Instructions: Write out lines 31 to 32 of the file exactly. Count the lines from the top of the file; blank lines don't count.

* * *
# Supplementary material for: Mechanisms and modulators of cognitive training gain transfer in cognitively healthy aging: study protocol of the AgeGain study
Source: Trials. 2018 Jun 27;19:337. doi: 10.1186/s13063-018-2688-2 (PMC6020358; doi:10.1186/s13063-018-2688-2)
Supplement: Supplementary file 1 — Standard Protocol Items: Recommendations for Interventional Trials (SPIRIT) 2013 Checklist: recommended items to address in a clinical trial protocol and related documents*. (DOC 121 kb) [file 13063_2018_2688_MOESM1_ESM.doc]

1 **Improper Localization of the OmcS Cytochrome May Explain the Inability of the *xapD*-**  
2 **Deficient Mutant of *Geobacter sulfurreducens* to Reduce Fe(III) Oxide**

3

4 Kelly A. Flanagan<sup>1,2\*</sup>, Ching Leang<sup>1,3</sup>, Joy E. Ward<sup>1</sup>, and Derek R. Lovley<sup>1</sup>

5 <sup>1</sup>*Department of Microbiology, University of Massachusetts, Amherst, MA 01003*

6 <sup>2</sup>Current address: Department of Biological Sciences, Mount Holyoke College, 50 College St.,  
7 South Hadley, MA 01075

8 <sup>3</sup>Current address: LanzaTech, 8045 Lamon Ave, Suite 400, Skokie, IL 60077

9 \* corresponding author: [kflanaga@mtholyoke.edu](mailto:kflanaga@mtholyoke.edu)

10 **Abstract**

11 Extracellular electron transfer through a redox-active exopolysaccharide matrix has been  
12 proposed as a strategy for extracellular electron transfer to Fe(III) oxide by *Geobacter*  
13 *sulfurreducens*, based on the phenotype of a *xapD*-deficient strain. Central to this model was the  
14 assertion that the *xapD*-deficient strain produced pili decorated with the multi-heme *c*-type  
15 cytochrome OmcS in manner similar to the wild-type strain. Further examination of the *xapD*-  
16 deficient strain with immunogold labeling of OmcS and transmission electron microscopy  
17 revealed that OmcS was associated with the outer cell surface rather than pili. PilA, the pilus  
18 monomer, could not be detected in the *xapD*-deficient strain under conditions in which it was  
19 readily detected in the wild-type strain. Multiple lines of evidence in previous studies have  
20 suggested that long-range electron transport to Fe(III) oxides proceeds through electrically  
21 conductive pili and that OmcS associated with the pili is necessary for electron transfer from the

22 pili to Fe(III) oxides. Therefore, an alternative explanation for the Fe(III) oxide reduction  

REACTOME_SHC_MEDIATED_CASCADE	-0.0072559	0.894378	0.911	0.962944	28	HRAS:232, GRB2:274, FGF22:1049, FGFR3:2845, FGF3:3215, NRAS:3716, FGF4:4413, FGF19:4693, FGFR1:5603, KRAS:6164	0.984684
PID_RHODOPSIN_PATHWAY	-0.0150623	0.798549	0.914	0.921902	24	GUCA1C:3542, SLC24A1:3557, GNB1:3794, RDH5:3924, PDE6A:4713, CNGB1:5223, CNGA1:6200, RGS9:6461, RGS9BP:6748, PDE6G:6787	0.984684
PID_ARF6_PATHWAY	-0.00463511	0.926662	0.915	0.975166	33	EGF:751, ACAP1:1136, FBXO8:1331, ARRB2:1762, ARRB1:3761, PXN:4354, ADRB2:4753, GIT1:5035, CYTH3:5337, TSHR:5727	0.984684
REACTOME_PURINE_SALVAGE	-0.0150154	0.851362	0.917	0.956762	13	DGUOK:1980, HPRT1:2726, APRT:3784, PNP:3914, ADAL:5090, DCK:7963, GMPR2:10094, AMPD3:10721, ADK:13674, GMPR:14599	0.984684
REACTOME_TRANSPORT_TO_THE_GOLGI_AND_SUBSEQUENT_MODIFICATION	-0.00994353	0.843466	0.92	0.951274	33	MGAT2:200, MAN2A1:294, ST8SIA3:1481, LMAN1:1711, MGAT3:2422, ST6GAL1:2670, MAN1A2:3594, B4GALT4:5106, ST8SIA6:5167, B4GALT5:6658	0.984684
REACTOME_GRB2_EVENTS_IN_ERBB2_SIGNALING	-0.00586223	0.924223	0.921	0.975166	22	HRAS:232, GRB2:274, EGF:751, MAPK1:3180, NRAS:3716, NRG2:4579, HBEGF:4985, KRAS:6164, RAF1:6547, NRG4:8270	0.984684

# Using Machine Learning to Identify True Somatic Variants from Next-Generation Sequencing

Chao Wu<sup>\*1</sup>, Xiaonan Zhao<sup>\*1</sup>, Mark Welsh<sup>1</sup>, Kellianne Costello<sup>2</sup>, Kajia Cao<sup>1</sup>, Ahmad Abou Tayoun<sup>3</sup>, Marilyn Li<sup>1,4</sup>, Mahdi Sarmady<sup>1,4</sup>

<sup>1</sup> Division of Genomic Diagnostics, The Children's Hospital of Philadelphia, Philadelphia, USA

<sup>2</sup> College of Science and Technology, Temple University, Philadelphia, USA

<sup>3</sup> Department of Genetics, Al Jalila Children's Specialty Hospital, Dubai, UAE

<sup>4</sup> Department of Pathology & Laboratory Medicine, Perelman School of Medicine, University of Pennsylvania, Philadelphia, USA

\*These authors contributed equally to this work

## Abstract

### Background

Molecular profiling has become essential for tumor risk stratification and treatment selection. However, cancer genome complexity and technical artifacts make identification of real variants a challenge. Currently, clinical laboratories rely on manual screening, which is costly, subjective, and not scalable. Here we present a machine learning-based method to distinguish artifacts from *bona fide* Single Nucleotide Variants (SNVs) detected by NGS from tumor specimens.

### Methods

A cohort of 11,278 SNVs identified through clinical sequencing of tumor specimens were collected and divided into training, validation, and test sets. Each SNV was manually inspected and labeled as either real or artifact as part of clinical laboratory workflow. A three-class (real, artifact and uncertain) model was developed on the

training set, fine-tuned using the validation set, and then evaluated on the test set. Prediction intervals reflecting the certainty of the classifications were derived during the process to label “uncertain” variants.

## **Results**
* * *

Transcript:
REACTOME_GRB2_EVENTS_IN_ERBB2_SIGNALING	-0.00586223	0.924223	0.921	0.975166	22	HRAS:232, GRB2:274, EGF:751, MAPK1:3180, NRAS:3716, NRG2:4579, HBEGF:4985, KRAS:6164, RAF1:6547, NRG4:8270	0.984684

# Using Machine Learning to Identify True Somatic Variants from Next-Generation Sequencing